In 2016, 3rd Battalion, 5th Marine Regiment, conducted six months of experimentation with new configurations and gear. At the end a jointly-written article in Marine Corps Gazette recommended much of the equipment shifts and positions ultimately adopted, and a 15-Marine squad.

The 3/5 recommendations included specializing each of the three fire teams in certain areas. First FT would handle demolitions and rockets, second would take care of ground, air and water-based drones and the third team would run counter drone operations.

Those Marines also recommended the M27 for everyone, adding the M320 grenade launcher and the Carl Gustaf recoilless rifle. They also advocated strongly for light miniature attack munitions, or LMAMs.

The LMAM push seems to have gained supporters above the operational ranks.

The current commandant, Gen. David Berger, who at the time was a three-star over Combat Development Command also testified at the time that shoulder-fired counter drone technologies once seen as the squad or platoon-level solution for enemy drones, “have not panned out.”

To fill that gap, LMAMs may be the answer, ­according to another general.

Lt. Gen. Steven Rudder, deputy commandant for aviation, testified to Congress in April that small, armed drones to counter other drones could provide new ways to defend forward deployed forces.

To fill that counter drone niche, the Marines rely on the ground based air defense-transformation, or GBAD, the ground/air task-oriented radar, or G/ATOR and light ­Marine air defense integrated system, or LMADIS. But those are used at higher echelons beyond the squad.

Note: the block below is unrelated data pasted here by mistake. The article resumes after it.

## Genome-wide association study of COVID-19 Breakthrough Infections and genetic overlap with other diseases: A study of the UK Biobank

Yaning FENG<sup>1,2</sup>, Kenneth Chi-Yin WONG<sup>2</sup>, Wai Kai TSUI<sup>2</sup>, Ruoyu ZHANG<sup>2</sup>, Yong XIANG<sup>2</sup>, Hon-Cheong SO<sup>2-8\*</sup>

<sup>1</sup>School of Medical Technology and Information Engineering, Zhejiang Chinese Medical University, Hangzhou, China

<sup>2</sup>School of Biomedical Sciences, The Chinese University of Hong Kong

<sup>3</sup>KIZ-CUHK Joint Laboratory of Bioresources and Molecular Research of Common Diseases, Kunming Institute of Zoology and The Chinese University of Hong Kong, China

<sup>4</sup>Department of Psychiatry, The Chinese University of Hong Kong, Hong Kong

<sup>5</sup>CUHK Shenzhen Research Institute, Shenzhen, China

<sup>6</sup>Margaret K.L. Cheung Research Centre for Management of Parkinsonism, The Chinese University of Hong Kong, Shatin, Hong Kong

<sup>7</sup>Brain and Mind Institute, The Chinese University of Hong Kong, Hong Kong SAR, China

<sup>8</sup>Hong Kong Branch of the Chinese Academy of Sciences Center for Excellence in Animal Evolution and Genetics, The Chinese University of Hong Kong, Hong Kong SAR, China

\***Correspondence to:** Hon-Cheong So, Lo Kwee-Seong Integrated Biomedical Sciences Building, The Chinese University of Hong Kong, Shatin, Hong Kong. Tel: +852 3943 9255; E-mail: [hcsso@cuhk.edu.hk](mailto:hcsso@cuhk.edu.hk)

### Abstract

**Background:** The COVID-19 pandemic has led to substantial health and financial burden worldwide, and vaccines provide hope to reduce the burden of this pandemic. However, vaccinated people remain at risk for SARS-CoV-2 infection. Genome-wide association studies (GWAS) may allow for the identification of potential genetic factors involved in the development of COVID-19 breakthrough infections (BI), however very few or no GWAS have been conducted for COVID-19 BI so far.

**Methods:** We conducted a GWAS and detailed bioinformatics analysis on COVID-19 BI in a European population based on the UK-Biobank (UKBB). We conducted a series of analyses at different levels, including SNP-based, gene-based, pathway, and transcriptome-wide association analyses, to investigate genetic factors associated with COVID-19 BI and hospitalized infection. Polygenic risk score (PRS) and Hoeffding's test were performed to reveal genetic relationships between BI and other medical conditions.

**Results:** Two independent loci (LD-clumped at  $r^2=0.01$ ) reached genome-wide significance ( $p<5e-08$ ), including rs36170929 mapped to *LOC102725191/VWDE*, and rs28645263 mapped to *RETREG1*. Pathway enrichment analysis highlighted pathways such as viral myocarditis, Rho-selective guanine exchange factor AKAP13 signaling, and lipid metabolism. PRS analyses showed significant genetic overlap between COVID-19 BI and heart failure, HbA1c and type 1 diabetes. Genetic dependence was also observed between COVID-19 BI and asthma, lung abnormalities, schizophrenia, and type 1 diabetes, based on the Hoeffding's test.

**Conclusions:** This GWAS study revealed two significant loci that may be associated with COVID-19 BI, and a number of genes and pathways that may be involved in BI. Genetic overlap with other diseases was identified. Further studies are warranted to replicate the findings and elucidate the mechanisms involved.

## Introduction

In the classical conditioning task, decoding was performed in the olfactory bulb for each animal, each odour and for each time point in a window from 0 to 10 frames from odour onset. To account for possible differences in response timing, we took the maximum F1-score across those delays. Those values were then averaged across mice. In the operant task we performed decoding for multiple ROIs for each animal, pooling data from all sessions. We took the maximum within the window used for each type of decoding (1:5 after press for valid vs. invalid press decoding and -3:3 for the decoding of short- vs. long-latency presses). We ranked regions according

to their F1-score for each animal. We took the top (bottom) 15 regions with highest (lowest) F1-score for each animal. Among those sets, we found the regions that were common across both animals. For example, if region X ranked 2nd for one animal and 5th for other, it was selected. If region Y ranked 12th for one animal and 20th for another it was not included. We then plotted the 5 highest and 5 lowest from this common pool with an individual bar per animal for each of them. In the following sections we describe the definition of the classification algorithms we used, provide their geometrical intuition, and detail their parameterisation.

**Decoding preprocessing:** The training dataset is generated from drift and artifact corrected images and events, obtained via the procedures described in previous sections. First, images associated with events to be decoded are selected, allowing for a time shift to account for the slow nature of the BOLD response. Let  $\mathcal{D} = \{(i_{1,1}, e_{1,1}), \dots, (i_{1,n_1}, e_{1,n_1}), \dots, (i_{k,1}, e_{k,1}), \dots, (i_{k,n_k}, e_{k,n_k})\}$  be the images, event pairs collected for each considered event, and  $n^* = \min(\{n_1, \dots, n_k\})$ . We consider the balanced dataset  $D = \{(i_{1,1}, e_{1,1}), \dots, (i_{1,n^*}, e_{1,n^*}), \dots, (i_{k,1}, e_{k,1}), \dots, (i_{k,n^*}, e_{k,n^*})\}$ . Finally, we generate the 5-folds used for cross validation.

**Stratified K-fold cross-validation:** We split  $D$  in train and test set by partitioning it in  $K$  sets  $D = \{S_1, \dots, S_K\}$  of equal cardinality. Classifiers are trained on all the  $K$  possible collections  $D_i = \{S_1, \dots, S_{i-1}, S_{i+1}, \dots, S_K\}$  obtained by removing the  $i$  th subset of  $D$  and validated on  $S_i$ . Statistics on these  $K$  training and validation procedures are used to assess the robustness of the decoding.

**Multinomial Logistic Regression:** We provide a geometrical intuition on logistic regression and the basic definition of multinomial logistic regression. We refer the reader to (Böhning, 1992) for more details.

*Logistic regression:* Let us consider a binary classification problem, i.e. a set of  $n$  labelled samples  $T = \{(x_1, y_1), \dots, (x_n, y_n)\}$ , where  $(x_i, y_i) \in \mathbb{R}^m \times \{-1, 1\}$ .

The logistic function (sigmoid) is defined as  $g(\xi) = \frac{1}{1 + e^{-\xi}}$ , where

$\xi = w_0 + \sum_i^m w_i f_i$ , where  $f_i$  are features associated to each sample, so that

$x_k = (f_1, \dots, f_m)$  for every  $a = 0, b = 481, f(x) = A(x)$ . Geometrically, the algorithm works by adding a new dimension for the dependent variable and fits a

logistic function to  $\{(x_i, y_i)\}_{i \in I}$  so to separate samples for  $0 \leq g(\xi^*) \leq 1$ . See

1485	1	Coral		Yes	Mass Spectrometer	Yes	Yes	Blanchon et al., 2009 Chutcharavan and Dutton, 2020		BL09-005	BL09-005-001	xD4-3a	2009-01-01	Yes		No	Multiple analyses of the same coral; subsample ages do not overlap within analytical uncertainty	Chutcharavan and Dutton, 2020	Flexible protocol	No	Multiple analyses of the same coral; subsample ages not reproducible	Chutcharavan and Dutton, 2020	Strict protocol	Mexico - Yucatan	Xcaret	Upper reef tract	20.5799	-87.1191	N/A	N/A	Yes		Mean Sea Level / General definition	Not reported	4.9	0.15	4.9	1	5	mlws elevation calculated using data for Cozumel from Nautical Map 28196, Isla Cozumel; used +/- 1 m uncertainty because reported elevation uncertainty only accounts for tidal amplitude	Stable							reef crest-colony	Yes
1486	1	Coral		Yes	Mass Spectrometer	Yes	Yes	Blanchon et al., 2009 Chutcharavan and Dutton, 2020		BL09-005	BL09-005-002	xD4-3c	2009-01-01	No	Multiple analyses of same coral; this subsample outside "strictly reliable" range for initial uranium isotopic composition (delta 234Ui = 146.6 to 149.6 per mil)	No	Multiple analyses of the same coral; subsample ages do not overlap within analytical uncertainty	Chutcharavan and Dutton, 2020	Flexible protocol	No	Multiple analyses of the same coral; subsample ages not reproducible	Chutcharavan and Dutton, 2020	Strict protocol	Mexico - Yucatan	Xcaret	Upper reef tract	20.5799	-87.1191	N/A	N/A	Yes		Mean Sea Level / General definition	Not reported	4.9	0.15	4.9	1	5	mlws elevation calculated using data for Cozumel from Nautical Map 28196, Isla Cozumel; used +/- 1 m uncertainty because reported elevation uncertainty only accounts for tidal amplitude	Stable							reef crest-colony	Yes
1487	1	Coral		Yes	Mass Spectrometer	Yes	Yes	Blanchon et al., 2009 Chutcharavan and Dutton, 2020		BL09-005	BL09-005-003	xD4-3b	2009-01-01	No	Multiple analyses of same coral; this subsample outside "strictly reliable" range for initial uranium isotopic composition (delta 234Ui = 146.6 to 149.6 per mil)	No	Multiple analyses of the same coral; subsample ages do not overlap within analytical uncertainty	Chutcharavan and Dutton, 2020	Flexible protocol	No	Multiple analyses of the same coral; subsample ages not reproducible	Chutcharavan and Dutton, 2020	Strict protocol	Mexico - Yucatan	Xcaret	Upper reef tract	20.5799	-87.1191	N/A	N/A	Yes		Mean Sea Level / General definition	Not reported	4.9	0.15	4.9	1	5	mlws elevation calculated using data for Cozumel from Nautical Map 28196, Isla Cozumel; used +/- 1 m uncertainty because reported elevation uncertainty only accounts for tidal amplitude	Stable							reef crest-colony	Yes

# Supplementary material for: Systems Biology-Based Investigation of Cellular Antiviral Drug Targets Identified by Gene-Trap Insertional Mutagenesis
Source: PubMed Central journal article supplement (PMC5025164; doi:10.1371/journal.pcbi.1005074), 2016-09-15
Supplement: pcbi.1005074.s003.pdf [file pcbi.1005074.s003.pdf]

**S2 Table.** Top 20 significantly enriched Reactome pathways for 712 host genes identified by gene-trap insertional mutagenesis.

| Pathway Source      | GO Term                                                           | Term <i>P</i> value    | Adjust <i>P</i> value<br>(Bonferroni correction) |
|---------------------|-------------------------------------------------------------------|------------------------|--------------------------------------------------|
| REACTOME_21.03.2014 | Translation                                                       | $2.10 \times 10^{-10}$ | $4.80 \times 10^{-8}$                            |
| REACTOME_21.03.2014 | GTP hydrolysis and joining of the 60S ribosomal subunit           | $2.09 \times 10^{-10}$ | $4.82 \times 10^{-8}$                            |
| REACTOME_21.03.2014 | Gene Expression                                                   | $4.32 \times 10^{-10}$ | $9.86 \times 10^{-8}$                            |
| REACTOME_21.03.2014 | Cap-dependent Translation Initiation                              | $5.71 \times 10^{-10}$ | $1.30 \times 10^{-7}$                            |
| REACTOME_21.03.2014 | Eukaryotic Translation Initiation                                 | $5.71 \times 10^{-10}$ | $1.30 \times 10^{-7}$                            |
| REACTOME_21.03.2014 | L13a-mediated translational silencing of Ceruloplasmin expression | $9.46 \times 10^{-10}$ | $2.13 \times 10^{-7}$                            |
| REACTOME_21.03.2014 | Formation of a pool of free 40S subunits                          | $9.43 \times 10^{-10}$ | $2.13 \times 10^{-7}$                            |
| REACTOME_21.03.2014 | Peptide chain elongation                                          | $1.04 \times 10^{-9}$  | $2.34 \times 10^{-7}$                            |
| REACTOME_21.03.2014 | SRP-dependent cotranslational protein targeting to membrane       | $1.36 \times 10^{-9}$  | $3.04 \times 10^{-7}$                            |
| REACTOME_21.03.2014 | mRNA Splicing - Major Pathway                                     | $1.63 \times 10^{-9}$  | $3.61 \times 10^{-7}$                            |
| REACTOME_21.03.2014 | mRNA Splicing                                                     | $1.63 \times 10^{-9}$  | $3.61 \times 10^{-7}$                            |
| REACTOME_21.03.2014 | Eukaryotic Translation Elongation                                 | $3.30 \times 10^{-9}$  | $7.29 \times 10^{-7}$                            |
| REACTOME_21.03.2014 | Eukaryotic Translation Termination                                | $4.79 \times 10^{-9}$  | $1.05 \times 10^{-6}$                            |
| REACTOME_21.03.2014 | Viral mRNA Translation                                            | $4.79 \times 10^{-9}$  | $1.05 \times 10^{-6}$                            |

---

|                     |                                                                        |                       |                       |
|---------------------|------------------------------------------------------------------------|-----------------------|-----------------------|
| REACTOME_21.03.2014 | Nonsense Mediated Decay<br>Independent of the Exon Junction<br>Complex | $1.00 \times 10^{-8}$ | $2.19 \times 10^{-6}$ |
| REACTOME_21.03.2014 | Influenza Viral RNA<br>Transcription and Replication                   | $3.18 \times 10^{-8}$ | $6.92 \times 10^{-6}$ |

The squad configuration that 2/8 will deploy later this year adopts some, but not all of those recommendations. They will have M27s, optics, squad drones, new grenade launchers, and the Gustaf and squad-level jamming for IEDs.

Sources told Marine Corps Times that the original move to 12-Marine squads was a way for the top Marine to find other slots within the Corps for manpower desperately needed in the multidomain warfighting realm, which includes primarily cyber and electronic warfare.

By cutting the rifle squads by one position, Neller would have bought the Corps an extra 648 positions within manpower. At the time, the Corps had 1,100 difficult to fill cyber MOSs.

Neller’s 12-Marine squad lasted only a few months and soon top leadership moved to the 15-Marine model.

That fell in line with the thinking of one of Neller’s predecessors, interviewed by Marine Corps Times in March.

Retired former Commandant Gen. Charles C. Krulak, who led the Marine Corps from 1995 to 1999, said that basic structure of the squad was sound, though adding one or two Marines could help. How do that wasn’t up for debate, in his mind.

“I am a firm believer that if you’re going to make a cut, you don’t salami slice the combat arms. If you’re going to make cuts, make a dramatic cut, cut a battalion, cut a regiment, cut an air squadron or group. Do that if you need the people,” Krulak said. “But, for goodness sake don’t just say okay we are going to slice a little bit out of everything.”

The Marines are a bit of an outlier in their formations. Infantry studies conducted shortly after World War II and in the early 1960s put nine troops in a squad as the ideal for command and control. Larger formations were deemed unwieldy and smaller units were too easily rendered combat ineffective through just a few casualties.